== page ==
https://static-content.springer.com/image/art%3A10.1007%2Fs12190-013-0669-x/MediaObjects/12190_2013_669_Equa_HTML.gif
where Bi(t) is mutually independent Brownian motion, σi is a positive constant representing the intensity of the white noise. Then the stochastic system takes the following form
$$ \begin{aligned}[c] d{x}_1&=\bigl[x_{1}(a_{1}-b_1 x_1)+d_{12}\bigl(x_2^2- \alpha_{12}x_1^2\bigr)\bigr]\,dt+ \sigma _{1}x_1\,d{B}_{1}(t), \\ d{x}_2&=\bigl[x_{2}(a_{2}-b_2 x_2)+d_{21}\bigl(x_1^2- \alpha_{21}x_2^2\bigr)\bigr]\,dt+\sigma _{2}x_2\,d{B}_{2}(t). \end{aligned} $$
(1.2)
For convenience, let \(\bar{b}_{1}=b_{1} +d_{12}\alpha_{12}\), \(\bar{b}_{2}=b_{2} +d_{21}\alpha_{21}\), so we have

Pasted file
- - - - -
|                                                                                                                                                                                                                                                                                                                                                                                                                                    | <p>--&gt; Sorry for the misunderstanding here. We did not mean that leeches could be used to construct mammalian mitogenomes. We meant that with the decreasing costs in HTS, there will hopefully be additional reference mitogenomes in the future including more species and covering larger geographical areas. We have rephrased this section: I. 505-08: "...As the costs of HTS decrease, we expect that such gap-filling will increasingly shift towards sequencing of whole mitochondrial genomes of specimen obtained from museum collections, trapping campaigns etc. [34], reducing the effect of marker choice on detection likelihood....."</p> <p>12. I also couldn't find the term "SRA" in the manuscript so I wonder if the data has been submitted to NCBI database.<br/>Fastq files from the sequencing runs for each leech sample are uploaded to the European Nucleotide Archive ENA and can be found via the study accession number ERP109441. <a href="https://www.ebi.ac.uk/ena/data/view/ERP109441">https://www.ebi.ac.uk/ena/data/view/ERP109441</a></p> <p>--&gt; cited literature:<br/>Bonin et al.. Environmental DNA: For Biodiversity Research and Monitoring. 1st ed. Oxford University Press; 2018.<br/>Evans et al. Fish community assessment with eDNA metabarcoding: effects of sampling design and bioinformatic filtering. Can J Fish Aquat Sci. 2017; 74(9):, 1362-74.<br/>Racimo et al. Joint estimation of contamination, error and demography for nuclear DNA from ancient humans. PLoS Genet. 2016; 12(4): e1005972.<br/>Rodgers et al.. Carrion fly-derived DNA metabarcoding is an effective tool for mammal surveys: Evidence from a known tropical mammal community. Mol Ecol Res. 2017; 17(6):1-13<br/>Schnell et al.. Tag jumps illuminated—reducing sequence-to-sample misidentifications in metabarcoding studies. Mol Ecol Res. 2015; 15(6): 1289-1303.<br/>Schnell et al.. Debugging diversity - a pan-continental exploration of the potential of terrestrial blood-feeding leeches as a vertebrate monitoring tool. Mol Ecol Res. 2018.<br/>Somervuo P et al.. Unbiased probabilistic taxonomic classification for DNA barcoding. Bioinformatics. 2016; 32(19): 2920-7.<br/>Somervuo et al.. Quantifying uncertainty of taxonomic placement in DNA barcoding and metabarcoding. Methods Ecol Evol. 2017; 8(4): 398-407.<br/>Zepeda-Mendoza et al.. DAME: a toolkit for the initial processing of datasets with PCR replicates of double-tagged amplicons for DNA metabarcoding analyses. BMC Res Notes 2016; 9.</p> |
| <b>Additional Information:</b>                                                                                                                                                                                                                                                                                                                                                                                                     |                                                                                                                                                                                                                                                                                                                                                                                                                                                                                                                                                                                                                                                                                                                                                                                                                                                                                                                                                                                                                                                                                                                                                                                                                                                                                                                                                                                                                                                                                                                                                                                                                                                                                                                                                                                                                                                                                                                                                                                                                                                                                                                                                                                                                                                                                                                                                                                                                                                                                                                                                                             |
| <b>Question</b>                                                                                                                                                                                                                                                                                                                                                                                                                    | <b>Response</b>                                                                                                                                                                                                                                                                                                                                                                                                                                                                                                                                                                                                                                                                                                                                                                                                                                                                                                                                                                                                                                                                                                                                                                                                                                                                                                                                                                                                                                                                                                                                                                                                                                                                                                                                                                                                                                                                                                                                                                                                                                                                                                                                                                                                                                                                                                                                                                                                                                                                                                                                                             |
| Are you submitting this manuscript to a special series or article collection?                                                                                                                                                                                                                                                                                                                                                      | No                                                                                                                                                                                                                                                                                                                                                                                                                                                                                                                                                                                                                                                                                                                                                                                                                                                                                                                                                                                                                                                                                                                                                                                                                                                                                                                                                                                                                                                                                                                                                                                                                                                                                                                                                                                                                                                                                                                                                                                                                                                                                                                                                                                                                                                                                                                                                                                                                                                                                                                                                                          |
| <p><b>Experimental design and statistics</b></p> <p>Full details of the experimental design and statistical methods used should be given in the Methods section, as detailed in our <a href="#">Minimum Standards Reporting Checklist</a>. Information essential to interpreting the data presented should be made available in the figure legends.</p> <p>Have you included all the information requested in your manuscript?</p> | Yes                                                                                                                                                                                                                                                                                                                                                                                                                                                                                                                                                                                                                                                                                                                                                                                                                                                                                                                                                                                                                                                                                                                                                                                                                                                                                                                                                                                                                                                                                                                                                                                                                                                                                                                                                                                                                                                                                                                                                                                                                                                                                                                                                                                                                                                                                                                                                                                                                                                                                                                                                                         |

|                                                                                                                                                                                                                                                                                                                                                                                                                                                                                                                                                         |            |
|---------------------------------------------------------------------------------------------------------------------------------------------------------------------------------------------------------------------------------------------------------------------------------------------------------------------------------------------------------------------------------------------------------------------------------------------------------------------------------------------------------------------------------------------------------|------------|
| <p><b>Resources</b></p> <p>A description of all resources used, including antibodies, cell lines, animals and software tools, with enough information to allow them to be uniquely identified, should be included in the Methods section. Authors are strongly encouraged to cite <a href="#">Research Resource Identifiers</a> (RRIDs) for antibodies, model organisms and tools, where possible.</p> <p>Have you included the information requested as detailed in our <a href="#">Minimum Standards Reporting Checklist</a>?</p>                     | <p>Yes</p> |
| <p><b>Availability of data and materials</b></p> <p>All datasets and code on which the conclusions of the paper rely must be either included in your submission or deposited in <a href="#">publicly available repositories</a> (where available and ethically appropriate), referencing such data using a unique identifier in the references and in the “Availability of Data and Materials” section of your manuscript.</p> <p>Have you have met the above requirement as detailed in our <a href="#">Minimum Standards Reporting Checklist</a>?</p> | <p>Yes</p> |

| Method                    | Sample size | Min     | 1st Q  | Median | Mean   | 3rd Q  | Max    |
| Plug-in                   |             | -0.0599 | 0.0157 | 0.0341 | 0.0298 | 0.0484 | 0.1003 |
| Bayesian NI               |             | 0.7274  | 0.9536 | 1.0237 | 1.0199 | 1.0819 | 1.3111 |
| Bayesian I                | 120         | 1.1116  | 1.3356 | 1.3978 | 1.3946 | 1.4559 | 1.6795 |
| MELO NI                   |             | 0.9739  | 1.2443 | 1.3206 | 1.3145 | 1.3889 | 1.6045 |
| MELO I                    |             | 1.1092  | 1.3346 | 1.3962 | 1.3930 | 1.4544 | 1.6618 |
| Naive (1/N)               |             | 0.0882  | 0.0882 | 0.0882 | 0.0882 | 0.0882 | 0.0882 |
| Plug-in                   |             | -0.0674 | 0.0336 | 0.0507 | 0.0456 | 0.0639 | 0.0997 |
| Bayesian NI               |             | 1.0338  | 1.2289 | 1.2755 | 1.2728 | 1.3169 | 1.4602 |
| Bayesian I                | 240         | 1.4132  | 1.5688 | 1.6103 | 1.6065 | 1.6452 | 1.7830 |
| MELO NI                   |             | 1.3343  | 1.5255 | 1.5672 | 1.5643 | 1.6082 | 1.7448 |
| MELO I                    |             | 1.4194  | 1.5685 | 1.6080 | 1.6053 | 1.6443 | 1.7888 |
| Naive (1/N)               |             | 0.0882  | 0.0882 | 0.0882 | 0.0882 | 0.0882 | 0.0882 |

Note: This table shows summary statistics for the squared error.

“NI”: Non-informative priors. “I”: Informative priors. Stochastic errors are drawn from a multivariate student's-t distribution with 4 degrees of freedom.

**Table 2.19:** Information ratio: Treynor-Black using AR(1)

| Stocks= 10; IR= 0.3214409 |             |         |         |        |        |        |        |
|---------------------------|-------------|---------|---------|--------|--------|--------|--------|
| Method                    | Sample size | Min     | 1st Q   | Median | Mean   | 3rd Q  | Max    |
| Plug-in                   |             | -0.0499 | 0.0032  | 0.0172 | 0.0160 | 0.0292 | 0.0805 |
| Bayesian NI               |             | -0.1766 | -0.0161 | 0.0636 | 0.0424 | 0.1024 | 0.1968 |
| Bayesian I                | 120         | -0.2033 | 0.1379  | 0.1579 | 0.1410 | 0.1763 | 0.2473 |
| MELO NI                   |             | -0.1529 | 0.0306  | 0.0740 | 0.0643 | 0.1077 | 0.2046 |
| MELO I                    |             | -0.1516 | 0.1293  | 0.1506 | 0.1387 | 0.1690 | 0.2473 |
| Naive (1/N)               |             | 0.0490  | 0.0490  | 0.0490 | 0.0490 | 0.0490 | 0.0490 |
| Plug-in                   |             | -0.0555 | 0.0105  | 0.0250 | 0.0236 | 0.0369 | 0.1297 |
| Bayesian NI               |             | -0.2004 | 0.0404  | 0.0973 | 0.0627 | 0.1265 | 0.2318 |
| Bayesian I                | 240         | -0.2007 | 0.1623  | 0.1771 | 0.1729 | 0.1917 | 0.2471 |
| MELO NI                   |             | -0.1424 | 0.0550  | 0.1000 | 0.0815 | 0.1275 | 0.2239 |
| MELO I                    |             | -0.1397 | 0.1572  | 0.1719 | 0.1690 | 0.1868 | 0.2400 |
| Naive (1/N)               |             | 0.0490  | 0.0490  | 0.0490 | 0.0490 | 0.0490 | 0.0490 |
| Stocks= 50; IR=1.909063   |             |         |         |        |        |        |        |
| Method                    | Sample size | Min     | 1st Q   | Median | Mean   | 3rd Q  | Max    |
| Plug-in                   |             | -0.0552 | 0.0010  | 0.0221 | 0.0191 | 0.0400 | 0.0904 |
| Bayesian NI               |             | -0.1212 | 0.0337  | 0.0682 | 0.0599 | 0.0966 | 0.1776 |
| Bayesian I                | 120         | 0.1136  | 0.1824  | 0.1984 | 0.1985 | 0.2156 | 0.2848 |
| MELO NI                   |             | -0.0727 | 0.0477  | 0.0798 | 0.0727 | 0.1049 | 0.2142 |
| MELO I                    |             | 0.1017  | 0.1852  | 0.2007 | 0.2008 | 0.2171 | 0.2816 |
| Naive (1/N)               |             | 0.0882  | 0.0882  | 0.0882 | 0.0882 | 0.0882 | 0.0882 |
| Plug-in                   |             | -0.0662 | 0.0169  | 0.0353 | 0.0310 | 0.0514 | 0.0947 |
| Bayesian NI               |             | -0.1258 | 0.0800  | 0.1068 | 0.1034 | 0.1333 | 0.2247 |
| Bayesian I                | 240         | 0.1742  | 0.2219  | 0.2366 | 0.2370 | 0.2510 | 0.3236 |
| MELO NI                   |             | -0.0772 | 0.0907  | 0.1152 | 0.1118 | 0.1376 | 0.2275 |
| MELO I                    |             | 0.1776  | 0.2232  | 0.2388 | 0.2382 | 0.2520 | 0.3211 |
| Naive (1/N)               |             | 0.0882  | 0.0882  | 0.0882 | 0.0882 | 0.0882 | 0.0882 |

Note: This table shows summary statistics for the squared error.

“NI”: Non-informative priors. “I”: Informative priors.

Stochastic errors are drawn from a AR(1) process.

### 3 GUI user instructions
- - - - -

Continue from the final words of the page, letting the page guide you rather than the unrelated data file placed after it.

$$ \begin{aligned}[c] d{x}_1&=\bigl[x_{1}(a_{1}- \bar{b}_1 x_1)+d_{12}x_2^2 \bigr]\,dt+ \sigma _{1}x_1\,d{B}_{1}(t), \\ d{x}_2&=\bigl[x_{2}(a_{2}-\bar{b}_2 x_2)+d_{21}x_1^2\bigr]\,dt+\sigma _{2}x_2\,d{B}_{2}(t). \end{aligned} $$
(1.3)
Now we consider the classical colored noise, say telegraph noise (see e.g. [11, 12]). The telegraph noise can be described as a random switching between two or more environmental regimes, which differ in terms of factors such as nutrition or rainfall [13, 14]. Frequently, the switching is memoryless and the waiting time for the next switch has an exponential distribution. Therefore we can model the regime switching by a finite-state Markov chain. Assume that there are N regimes and the switching between these N regimes is governed by a continuous-time Markov chain r(t), t≥0 on the probability space, taking values in a finite state space S={1,2,…,N} with the generator Γ=(γuv)n×n given by